Let’s do some science. What is your experience with cannabis? How would you describe your state of mind under its influence? What are the effects of cannabis on your consciousness? How does it help you? Here’s a bit to get us started:
“I was 44 years old in 1972 when I experienced my first marijuana high. Because I have found it both so useful and benign, I have used it ever since. I have used it as a recreational drug, as a medicine, and as an enhancer of some capacities…In fact, now, when I have an important problem to solve or decision to make, I invariably avail myself of the opportunity to think about it both stoned and straight.”
The above words are from a gentleman who has been consuming cannabis for well over 40 years now. Obviously he has found great utility in the herb, using it not only for medicinal and recreational reasons, but for “enhancement” purposes as well—including using cannabis to help with problem solving. Now there’s a dedicated cannaphile, and one heck of a testimonial! But why should we listen to this guy? Isn’t he just another proud pothead?
A proud pothead he may be, but this gentleman is also an associate professor emeritus of psychiatry at Harvard Medical School, and for 40 years was senior psychiatrist at the Massachusetts Mental Health Center. He is also a fellow of both the American Association for the Advancement of Science and the American Psychiatric Association; the founding editor of the Annual Review of Psychiatry and the Harvard Mental Health Letter. He was also the first U.S. physician to prescribe lithium for bipolar disorder. And these are only the highlights of his most impressive career, which also includes numerous articles, awards, and books, including Marijuana: The Forbidden Medicine (1993). This gentleman, as many other proud potheads already know, is Dr. Lester Grinspoon.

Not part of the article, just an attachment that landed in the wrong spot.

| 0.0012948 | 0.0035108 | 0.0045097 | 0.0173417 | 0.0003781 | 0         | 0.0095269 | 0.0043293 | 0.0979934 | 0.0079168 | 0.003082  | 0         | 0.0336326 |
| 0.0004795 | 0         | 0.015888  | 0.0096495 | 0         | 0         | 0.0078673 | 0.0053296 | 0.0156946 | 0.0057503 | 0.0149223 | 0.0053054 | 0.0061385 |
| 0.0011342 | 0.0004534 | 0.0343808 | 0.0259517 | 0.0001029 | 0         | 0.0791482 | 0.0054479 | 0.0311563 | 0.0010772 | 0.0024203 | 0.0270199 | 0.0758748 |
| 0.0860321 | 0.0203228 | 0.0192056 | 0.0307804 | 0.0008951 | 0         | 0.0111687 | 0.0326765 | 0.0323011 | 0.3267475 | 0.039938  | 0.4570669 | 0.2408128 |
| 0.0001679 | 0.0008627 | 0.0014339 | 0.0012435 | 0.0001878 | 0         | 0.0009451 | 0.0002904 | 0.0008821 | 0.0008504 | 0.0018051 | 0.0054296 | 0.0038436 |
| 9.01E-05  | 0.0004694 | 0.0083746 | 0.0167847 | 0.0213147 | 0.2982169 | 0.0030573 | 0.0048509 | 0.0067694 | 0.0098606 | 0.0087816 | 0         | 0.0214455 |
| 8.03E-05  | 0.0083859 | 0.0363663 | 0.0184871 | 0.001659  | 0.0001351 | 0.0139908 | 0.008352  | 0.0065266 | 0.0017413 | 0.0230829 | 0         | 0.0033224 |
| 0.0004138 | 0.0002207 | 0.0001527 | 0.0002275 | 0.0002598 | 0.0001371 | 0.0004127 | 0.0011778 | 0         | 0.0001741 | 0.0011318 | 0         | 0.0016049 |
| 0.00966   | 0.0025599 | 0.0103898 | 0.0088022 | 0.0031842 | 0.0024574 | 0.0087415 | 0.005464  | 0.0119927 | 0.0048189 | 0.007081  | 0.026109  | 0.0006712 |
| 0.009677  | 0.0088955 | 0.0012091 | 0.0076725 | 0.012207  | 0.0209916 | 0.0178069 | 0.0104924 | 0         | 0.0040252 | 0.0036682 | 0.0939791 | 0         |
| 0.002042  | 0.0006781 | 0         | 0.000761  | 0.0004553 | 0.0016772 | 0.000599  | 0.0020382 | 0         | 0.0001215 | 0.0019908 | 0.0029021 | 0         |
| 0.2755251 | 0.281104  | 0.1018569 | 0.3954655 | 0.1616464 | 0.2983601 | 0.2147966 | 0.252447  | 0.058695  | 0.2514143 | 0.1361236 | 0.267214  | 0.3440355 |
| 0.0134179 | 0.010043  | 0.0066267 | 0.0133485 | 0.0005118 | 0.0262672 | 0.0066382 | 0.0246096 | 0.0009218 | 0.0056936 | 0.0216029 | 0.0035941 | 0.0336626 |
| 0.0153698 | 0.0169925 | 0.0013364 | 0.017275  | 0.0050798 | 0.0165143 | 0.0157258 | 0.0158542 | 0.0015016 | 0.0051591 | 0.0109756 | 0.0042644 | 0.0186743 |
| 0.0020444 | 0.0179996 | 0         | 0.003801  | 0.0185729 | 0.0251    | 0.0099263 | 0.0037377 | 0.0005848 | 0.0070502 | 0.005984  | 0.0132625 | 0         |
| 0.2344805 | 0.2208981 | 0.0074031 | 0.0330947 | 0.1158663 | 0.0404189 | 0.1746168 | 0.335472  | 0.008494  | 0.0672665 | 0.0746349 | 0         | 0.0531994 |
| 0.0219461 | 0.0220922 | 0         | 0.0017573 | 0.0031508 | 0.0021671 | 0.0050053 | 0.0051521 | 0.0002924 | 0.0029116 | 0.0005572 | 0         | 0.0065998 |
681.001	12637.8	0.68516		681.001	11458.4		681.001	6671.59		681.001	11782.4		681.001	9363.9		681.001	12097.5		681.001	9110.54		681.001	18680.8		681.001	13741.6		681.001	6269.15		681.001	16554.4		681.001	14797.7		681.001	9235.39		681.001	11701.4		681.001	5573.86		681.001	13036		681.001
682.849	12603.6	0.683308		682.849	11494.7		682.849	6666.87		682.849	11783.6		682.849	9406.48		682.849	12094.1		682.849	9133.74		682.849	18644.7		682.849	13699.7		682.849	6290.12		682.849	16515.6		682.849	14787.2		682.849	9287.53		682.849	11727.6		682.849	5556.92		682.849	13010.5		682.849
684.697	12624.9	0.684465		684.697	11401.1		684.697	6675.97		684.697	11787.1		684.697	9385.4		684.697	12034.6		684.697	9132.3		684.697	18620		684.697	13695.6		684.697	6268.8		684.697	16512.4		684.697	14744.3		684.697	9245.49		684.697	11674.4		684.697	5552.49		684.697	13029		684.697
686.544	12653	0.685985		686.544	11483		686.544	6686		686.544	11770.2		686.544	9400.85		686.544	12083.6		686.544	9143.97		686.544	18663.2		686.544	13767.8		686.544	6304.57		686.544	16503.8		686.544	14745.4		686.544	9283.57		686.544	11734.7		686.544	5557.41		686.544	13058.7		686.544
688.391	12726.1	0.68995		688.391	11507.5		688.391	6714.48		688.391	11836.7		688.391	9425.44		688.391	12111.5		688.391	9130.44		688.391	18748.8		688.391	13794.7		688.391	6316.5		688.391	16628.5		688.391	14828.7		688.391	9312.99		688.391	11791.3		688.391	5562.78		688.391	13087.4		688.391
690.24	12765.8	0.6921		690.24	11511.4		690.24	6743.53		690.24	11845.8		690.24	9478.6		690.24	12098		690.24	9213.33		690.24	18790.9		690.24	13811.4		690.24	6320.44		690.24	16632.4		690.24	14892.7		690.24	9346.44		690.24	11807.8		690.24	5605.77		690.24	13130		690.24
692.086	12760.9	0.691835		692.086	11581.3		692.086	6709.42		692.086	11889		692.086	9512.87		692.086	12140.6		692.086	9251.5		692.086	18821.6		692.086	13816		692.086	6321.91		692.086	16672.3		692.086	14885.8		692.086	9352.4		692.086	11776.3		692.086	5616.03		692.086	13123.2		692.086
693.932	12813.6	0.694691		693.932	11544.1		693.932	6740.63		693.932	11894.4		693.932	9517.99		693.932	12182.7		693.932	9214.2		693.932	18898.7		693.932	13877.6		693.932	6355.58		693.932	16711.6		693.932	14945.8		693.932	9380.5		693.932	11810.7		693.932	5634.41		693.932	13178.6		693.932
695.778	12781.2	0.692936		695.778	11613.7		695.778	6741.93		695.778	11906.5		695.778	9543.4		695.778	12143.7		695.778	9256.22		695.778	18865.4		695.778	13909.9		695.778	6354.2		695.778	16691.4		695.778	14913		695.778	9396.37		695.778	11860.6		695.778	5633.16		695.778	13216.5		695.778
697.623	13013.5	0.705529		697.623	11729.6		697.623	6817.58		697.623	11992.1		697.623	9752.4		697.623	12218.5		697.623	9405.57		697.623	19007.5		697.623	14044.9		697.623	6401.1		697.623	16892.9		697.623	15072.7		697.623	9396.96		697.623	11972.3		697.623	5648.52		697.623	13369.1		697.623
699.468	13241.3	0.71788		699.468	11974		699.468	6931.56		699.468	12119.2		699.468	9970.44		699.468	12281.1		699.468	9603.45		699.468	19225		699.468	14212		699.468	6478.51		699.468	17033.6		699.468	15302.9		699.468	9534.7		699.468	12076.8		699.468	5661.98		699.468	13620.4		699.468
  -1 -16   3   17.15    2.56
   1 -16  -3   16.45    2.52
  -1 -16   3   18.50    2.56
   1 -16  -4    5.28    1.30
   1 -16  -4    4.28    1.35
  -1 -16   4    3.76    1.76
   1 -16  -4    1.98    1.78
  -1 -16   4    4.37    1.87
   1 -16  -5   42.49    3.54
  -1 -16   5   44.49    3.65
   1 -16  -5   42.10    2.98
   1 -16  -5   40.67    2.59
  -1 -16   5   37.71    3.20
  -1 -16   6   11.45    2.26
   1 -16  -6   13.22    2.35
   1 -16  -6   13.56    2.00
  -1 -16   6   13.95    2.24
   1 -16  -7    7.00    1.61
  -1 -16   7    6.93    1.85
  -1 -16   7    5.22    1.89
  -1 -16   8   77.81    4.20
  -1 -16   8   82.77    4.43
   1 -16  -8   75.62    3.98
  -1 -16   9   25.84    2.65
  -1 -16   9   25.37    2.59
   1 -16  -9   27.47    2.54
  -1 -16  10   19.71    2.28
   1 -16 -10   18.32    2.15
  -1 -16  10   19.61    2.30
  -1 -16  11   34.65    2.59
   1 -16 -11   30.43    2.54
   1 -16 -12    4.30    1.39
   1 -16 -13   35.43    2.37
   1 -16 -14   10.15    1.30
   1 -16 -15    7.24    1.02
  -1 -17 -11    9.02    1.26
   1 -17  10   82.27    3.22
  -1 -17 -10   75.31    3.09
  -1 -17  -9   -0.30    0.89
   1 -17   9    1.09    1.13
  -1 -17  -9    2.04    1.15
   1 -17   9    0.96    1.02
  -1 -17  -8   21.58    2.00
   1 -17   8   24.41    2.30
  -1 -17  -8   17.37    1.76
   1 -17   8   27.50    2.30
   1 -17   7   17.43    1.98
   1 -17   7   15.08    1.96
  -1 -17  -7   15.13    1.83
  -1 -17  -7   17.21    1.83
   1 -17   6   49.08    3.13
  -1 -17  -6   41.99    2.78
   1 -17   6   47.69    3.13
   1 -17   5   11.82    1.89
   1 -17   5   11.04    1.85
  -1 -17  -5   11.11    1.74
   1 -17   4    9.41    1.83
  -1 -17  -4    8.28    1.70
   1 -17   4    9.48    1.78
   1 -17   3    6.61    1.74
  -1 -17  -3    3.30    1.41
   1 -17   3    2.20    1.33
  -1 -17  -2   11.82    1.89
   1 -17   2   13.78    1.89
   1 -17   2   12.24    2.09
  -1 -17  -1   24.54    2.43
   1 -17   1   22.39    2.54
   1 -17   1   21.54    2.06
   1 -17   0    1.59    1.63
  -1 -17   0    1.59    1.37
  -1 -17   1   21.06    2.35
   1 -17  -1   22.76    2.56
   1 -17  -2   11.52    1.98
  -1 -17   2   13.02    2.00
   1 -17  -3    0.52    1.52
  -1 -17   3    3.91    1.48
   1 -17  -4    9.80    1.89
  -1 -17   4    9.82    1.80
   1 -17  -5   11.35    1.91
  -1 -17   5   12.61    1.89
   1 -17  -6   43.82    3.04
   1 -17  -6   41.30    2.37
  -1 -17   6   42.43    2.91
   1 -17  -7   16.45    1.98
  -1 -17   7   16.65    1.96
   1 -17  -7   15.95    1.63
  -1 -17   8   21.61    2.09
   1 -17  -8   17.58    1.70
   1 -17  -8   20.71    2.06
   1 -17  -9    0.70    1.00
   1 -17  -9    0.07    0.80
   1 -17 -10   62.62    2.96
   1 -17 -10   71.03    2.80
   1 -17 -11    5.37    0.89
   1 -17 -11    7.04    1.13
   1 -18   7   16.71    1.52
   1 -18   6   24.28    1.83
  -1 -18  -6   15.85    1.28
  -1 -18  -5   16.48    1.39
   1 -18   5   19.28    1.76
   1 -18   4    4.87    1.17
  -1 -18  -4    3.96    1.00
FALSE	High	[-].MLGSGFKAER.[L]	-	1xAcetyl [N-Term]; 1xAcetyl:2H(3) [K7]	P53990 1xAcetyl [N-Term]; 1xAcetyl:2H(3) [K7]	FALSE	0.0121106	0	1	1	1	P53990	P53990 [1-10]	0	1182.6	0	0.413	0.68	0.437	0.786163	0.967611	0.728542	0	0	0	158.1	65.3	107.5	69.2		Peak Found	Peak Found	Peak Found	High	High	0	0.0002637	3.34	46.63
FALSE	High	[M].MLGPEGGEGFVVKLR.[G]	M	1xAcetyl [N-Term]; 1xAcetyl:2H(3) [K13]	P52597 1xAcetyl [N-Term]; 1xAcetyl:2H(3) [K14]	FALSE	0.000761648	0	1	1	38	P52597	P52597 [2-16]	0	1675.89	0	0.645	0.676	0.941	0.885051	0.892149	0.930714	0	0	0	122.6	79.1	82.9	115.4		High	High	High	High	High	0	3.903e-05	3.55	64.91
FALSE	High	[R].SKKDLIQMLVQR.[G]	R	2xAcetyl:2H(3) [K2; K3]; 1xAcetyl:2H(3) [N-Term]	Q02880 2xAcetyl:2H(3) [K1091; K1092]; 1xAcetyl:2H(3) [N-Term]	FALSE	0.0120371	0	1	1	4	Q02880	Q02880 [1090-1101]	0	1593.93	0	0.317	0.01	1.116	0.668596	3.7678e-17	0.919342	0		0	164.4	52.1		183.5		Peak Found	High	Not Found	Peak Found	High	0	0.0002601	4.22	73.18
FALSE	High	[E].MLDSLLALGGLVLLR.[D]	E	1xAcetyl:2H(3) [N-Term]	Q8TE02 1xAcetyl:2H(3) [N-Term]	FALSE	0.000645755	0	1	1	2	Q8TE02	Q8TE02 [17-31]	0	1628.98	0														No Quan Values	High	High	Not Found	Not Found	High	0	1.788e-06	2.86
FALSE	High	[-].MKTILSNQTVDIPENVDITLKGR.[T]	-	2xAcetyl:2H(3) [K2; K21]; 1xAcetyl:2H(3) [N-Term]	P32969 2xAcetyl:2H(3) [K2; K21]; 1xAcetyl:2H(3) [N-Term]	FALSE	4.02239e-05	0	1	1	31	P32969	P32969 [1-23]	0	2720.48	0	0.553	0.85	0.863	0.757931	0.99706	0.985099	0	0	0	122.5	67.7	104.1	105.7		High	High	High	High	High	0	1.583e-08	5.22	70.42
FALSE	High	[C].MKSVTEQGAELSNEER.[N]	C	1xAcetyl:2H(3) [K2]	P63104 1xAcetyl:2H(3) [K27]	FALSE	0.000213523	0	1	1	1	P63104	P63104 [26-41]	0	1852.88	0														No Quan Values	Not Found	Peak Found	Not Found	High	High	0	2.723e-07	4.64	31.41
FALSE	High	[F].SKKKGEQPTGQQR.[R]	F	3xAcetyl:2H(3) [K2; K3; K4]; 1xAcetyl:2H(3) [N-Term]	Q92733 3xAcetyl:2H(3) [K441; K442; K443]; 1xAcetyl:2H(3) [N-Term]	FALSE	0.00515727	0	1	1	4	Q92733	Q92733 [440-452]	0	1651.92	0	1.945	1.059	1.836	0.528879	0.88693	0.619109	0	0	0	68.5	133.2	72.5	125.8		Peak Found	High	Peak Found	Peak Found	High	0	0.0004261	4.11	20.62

Powerful testimonial aside, Dr. Grinspoon’s statement, (extracted from the 2010 book Cannabis Philosophy for Everyone
(p. 28), is important in that it identifies the three major uses or categories of cannabis consumption: medicine, recreation, and enhancement. While these three uses can overlap and coincide—and therefore distinction between them is not always clear or even necessary—the categories can still provide a convenient and ready assessment tool for both consumers and caregivers. Identifying which category a cannabis consumer mostly fits into can help guide therapeutic and monitoring needs. For instance, the daily medicinal user will generally require greater attention in their cannabis usage and therapy (whether through self and/or caregiver monitoring) than the consumer who tokes a couple of times a week or month.
In addition to identifying the three main categories of cannabis use, Dr. Grinspoon’s statement serves equally well as a conversation starter wherein individuals might share their personal experiences with cannabis. In contributing to such a discourse we not only practice science and further our understanding of cannabis, we promote a democratization of science and medicine. One whereby personal qualitative findings can contribute to whatever numbers and conclusions might be garnered from institutionally controlled studies. Indeed such personal findings are invited and gathered on one of Dr. Grinspoon’s websites, marijuana-uses.com (a virtual treasure trove, the site includes a great essay written in 1969 by one Dr. X, who in later years was revealed to be none other than Carl Sagan).
So again, fellow cannabis consumers and citizen scientists, how would you describe your experience with cannabis? Why and how do you use it? How does it affect your mind, your thinking, your feeling, your general state of awareness?
A few of the more well-known and easily described effects include increased appetite (i.e., munchies), enhanced creativity and enjoyment of certain activities (e.g., hiking, skiing, eating, sex), increased libido, alterations in sociability, alterations in time perception (psychological time dilation), and of course, the gentle euphoria and good humor associated with being high, as well as the relaxation and mellowness typical of the stoned state.
These are just some of the major effects that immediately come to mind. What would you add to this brief description and/or how would you amend it? Are the effects of cannabis on your consciousness more subtle or complex than such brief descriptions would suggest? Consider these questions as I prepare to share my own characterization of “cannabis consciousness” in part two of this essay.